More oil is now gathered by pipeline than truck in western North Dakota, taking pressure off Oil Patch communities faced with congestion, traffic fatalities and dust.
New figures from the North Dakota Pipeline Authority show that for the first time in several years, more oil is leaving well sites by pipeline, and that trend is expected to continue, Director Justin Kringstad said.
“We’ve seen some significant progress in the major counties in western North Dakota getting crude off the roadways and into gathering pipeline systems,” Kringstad said.
An estimated 441,644 barrels of oil left well sites by truck each day in April, while 725,743 barrels per day were transported by gathering pipelines to either a transmission pipeline or a rail-loading terminal, Kringstad said, using the most recent figures available.
All counties saw a reduction in oil truck traffic in 2015, with the exception of McKenzie County, which still had an average of 892 oil truckloads each day in April.
“We’ll likely see that turn the corner here in the next year or so,” Kringstad said.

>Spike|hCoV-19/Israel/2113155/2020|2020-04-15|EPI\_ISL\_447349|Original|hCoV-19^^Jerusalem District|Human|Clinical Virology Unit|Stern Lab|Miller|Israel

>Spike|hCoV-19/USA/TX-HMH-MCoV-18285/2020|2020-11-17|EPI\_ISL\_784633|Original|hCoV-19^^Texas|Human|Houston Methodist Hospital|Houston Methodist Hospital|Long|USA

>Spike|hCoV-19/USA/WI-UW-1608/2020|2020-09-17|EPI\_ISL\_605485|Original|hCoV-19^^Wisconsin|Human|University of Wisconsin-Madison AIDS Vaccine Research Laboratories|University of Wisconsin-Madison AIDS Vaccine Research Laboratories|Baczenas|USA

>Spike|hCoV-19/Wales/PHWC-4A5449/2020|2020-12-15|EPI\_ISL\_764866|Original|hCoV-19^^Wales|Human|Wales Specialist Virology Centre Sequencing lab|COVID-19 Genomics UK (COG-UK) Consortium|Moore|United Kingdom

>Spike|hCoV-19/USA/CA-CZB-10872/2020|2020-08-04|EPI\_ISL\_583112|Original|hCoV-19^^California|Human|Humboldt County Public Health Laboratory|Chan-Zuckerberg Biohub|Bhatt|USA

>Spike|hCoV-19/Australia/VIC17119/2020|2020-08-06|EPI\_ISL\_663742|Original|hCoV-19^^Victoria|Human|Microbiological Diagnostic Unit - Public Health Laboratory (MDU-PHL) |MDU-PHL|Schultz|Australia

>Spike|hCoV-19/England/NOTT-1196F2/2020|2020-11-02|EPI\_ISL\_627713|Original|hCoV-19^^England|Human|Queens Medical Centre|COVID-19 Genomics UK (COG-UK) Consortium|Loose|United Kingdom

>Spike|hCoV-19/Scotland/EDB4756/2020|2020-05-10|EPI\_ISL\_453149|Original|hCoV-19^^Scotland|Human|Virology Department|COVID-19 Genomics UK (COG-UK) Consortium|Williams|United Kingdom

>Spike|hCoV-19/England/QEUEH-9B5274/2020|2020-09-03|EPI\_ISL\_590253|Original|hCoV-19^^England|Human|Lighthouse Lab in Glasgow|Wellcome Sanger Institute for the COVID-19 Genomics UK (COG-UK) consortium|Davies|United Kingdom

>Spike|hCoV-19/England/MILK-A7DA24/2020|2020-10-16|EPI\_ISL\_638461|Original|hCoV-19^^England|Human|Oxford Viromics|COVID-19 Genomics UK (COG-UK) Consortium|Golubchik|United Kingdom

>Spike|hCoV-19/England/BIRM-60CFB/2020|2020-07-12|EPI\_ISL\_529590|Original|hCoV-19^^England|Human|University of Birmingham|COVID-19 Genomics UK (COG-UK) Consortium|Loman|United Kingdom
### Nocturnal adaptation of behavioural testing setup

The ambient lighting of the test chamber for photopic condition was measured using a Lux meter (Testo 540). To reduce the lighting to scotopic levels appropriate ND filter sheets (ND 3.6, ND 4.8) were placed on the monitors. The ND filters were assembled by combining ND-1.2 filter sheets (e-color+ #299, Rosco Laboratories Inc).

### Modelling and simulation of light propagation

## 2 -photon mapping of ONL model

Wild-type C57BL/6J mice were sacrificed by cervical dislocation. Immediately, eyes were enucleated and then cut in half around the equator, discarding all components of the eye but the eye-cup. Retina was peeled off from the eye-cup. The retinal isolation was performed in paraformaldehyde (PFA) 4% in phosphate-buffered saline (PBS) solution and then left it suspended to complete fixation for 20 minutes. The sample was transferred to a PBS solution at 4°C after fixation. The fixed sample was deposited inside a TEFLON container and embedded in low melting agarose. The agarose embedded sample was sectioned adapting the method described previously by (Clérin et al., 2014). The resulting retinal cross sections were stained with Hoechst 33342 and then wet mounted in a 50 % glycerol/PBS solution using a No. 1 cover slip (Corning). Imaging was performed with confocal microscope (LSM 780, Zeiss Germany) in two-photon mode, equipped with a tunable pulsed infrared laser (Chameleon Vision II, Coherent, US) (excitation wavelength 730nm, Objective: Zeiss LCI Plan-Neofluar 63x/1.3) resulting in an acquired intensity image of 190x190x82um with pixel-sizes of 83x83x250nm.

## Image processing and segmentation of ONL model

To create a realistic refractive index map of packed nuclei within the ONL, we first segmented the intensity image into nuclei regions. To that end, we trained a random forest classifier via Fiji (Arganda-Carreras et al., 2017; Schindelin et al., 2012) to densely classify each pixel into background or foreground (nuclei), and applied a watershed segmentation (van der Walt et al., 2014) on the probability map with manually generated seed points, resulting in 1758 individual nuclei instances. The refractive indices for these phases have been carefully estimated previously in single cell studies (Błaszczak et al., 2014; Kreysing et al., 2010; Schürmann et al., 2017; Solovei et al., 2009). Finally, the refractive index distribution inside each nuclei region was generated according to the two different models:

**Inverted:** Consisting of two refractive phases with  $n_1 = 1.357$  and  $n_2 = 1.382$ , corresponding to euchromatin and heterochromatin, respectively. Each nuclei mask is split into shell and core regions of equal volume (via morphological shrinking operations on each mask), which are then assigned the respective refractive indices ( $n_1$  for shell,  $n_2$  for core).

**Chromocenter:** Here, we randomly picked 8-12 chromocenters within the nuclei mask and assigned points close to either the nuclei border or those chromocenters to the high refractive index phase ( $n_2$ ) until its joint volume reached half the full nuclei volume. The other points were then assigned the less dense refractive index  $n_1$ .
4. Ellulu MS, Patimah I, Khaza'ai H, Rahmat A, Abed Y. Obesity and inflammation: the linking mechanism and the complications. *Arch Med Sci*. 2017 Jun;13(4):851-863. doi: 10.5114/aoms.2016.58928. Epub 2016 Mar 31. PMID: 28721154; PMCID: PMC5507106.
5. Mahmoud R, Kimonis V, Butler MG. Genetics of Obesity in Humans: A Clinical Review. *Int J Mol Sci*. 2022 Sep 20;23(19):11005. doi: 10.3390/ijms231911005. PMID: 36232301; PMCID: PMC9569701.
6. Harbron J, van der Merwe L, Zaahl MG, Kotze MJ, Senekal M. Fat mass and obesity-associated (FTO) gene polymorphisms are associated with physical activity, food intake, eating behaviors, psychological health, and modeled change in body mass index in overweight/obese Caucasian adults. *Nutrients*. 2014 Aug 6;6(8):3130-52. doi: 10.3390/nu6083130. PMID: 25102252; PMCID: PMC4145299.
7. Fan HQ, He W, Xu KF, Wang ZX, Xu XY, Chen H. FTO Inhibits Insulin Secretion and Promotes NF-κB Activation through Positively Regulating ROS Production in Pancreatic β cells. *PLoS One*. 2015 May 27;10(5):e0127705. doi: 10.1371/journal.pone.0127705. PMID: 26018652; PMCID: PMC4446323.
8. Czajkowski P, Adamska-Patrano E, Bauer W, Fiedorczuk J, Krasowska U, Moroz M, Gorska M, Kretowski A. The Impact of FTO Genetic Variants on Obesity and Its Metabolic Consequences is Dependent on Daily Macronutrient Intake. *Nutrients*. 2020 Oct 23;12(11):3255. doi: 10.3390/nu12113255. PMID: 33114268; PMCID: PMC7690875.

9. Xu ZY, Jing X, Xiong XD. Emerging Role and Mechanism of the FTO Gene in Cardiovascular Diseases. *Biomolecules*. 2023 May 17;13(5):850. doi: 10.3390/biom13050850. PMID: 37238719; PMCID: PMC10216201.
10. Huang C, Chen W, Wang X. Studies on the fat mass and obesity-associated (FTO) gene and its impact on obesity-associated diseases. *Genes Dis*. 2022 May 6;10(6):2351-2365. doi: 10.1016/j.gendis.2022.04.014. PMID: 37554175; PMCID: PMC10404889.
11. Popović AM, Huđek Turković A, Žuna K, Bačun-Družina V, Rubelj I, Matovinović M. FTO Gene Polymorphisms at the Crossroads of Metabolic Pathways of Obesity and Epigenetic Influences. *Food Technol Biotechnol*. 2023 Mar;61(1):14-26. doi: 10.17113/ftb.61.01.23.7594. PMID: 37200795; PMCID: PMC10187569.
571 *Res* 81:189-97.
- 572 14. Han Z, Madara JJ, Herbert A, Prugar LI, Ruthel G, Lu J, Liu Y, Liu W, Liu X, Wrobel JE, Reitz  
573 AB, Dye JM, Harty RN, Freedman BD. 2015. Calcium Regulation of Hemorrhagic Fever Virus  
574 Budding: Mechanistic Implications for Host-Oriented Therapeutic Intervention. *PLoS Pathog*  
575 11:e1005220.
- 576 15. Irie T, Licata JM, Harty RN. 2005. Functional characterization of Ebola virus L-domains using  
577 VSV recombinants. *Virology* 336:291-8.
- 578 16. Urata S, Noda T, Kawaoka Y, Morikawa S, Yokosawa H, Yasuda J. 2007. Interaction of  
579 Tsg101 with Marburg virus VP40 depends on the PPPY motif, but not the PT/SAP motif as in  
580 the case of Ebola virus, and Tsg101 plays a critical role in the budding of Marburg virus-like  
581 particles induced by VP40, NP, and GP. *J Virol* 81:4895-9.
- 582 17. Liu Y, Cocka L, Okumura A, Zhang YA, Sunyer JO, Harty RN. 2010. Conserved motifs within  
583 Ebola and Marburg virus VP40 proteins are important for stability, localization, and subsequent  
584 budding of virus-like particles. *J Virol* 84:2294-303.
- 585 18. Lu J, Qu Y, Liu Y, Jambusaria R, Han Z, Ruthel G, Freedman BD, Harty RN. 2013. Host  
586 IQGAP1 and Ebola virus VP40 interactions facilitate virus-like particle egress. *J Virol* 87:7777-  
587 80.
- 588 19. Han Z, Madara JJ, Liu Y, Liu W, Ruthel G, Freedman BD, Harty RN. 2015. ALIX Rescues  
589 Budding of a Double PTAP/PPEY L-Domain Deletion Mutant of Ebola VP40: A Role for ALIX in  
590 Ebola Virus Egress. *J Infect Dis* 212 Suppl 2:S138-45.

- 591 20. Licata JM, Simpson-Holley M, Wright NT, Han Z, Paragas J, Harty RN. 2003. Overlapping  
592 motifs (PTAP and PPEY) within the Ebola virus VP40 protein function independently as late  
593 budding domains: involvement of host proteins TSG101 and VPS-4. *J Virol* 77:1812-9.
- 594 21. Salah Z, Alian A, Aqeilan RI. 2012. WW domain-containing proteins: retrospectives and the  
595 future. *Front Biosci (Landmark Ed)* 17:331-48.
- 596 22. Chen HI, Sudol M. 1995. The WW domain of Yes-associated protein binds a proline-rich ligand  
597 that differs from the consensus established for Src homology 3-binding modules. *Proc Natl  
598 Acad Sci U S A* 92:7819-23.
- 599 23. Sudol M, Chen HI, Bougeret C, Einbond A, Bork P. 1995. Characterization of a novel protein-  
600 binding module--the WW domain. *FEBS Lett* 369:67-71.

McKenzie County, the state’s busiest oil county, saw significant growth with pipelines between 2012 and this year, but not enough to keep up with the growth in oil production.
“We’re still behind the eight ball on pipelines,” County Commissioner Ron Anderson said.
McKenzie County, which leads the state in traffic fatalities, has budgeted nearly $25 million this year to maintain gravel roads and bridges heavily traveled by oil traffic.
Kringstad said he expects pipeline growth to continue, further reducing the amount trucked, improving the safety of the roads and reducing complaints from residents about dust. Pipelines also ease operations for oil companies by eliminating the need for trucks during a blizzard or spring load restrictions, he added.
“There’s a lot of advantages that we see in getting these fluids off the roadways and into a pipeline,” Kringstad said.
Williams County, which had an average of 362 oil truckloads per day in April, also saw a significant shift from trucks to gathering pipelines from 2012 to 2015.
Williams County Highway Superintendent Dennis Nelson said while he’s noticed some reduction in truck traffic in the county that includes Williston, it hasn’t slowed down the need for road maintenance.
“The roads have gotten abused in the last few years, terribly, and we only have so many dollars to fix with, so we do what we can and go from there,” Nelson said.